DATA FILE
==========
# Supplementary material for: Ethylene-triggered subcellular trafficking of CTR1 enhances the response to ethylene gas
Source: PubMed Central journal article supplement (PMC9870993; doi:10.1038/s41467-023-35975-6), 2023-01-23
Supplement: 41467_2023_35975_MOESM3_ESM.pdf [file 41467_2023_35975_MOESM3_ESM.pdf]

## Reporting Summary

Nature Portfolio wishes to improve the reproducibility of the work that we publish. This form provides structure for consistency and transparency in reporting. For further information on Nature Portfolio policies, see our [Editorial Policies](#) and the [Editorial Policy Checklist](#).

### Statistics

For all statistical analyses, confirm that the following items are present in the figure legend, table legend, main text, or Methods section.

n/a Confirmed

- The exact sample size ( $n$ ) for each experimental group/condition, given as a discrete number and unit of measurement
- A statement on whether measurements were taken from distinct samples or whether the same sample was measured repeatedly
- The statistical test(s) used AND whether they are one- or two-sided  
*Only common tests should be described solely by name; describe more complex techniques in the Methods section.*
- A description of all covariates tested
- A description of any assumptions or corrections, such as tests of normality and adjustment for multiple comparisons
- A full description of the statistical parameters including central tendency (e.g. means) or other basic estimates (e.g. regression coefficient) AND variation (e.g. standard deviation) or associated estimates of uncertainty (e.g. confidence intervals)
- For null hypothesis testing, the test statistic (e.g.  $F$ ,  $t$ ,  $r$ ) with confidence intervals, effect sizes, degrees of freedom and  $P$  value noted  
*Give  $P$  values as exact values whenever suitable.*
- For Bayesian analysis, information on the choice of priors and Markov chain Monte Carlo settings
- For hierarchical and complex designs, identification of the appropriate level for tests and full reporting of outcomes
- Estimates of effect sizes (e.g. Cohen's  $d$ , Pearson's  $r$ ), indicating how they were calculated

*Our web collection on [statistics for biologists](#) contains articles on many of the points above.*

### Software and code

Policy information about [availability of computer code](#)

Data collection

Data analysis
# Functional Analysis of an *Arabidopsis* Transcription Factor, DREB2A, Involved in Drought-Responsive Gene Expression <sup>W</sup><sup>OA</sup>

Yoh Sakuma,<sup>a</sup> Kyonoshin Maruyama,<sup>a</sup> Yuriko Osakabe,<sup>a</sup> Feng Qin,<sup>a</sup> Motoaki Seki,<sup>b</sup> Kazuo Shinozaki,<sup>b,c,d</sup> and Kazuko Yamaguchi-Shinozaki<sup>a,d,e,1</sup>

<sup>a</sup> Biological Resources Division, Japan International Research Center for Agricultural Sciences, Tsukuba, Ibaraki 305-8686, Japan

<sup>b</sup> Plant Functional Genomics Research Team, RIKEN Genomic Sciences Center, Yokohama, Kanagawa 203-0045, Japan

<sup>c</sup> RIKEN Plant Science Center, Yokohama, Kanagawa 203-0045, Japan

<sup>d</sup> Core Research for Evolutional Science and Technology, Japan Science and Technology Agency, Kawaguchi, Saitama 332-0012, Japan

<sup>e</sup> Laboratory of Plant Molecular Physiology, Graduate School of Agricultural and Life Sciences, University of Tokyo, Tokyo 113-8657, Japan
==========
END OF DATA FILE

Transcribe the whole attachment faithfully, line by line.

# Supplementary material for: Ethylene-triggered subcellular trafficking of CTR1 enhances the response to ethylene gas
Source: PubMed Central journal article supplement (PMC9870993; doi:10.1038/s41467-023-35975-6), 2023-01-23
Supplement: 41467_2023_35975_MOESM3_ESM.pdf [file 41467_2023_35975_MOESM3_ESM.pdf]

## Reporting Summary

Nature Portfolio wishes to improve the reproducibility of the work that we publish. This form provides structure for consistency and transparency in reporting. For further information on Nature Portfolio policies, see our [Editorial Policies](#) and the [Editorial Policy Checklist](#).

### Statistics

For all statistical analyses, confirm that the following items are present in the figure legend, table legend, main text, or Methods section.

n/a Confirmed

- The exact sample size ( $n$ ) for each experimental group/condition, given as a discrete number and unit of measurement
- A statement on whether measurements were taken from distinct samples or whether the same sample was measured repeatedly
- The statistical test(s) used AND whether they are one- or two-sided  
*Only common tests should be described solely by name; describe more complex techniques in the Methods section.*
- A description of all covariates tested
- A description of any assumptions or corrections, such as tests of normality and adjustment for multiple comparisons
- A full description of the statistical parameters including central tendency (e.g. means) or other basic estimates (e.g. regression coefficient) AND variation (e.g. standard deviation) or associated estimates of uncertainty (e.g. confidence intervals)
- For null hypothesis testing, the test statistic (e.g.  $F$ ,  $t$ ,  $r$ ) with confidence intervals, effect sizes, degrees of freedom and  $P$  value noted  
*Give  $P$  values as exact values whenever suitable.*
- For Bayesian analysis, information on the choice of priors and Markov chain Monte Carlo settings
- For hierarchical and complex designs, identification of the appropriate level for tests and full reporting of outcomes
- Estimates of effect sizes (e.g. Cohen's  $d$ , Pearson's  $r$ ), indicating how they were calculated

*Our web collection on [statistics for biologists](#) contains articles on many of the points above.*

### Software and code

Policy information about [availability of computer code](#)

Data collection

Data analysis
# Functional Analysis of an *Arabidopsis* Transcription Factor, DREB2A, Involved in Drought-Responsive Gene Expression <sup>W</sup><sup>OA</sup>

Yoh Sakuma,<sup>a</sup> Kyonoshin Maruyama,<sup>a</sup> Yuriko Osakabe,<sup>a</sup> Feng Qin,<sup>a</sup> Motoaki Seki,<sup>b</sup> Kazuo Shinozaki,<sup>b,c,d</sup> and Kazuko Yamaguchi-Shinozaki<sup>a,d,e,1</sup>

<sup>a</sup> Biological Resources Division, Japan International Research Center for Agricultural Sciences, Tsukuba, Ibaraki 305-8686, Japan

<sup>b</sup> Plant Functional Genomics Research Team, RIKEN Genomic Sciences Center, Yokohama, Kanagawa 203-0045, Japan

<sup>c</sup> RIKEN Plant Science Center, Yokohama, Kanagawa 203-0045, Japan

<sup>d</sup> Core Research for Evolutional Science and Technology, Japan Science and Technology Agency, Kawaguchi, Saitama 332-0012, Japan

<sup>e</sup> Laboratory of Plant Molecular Physiology, Graduate School of Agricultural and Life Sciences, University of Tokyo, Tokyo 113-8657, Japan